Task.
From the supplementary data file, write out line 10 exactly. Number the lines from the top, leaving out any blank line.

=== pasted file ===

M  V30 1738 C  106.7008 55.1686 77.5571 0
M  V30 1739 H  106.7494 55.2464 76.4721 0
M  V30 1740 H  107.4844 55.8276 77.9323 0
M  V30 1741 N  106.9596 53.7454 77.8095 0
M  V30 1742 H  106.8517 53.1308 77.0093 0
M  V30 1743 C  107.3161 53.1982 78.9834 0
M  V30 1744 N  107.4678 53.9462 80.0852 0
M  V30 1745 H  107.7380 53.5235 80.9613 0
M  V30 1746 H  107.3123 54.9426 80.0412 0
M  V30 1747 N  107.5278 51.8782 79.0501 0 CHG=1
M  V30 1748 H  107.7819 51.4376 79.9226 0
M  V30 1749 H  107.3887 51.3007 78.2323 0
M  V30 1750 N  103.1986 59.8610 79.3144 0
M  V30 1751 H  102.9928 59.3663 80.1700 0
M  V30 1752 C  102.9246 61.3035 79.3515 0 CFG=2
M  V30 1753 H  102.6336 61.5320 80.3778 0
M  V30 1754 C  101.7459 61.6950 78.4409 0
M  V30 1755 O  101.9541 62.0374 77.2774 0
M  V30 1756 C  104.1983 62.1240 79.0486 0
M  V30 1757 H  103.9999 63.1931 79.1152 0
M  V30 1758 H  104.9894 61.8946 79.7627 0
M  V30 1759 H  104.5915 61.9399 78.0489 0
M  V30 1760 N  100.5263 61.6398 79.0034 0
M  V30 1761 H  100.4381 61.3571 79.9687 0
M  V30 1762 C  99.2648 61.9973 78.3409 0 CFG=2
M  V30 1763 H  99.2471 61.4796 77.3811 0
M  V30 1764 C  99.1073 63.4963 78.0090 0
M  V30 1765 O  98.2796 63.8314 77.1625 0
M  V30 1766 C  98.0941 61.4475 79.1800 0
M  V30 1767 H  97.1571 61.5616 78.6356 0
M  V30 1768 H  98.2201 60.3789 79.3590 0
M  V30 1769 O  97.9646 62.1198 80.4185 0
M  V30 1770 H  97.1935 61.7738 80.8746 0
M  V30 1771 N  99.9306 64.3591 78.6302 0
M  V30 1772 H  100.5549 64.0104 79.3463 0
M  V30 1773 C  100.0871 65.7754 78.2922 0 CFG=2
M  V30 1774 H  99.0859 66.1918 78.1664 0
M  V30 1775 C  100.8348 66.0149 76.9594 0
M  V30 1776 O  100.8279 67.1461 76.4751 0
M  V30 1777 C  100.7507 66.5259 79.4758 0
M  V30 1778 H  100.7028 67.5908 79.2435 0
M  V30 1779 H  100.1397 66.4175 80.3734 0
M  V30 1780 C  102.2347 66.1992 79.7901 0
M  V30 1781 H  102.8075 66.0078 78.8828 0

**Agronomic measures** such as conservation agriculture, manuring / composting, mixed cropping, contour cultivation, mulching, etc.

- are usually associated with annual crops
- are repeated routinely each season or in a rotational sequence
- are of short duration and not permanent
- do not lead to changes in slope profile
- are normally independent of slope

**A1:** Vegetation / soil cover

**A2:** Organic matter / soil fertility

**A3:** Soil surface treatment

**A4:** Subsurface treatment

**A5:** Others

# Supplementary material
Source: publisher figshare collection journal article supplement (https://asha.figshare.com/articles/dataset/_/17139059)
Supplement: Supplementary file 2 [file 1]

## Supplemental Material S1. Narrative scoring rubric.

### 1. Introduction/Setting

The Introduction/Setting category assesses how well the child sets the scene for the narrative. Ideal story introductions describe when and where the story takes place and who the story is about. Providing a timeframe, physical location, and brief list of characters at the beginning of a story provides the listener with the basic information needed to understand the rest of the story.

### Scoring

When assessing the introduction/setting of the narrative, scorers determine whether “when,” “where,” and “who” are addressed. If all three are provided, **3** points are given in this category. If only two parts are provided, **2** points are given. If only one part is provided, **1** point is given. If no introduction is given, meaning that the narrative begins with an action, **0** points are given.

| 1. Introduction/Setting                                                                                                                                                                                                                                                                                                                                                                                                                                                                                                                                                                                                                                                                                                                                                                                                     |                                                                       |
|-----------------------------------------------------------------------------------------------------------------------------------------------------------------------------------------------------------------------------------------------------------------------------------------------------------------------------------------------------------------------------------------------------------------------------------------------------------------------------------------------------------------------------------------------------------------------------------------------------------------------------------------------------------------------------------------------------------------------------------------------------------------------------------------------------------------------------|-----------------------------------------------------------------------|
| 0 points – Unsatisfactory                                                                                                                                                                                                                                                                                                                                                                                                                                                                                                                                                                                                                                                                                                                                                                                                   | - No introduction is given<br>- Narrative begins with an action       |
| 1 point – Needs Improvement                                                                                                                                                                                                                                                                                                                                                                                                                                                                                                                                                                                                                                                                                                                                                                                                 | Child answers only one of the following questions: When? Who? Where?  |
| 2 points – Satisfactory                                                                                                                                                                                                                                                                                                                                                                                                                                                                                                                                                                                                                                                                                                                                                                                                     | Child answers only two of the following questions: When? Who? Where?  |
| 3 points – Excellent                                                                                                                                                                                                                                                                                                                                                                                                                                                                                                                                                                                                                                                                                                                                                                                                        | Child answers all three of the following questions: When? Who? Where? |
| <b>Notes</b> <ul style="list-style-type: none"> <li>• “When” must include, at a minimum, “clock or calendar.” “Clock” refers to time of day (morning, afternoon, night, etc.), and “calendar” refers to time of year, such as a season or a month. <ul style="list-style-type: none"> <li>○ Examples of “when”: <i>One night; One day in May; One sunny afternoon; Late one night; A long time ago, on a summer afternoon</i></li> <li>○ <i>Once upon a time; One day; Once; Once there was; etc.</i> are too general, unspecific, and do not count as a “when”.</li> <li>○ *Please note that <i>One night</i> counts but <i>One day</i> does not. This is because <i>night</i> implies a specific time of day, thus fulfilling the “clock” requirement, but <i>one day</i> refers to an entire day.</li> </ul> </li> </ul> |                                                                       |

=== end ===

M  V30 1747 N  107.5278 51.8782 79.0501 0 CHG=1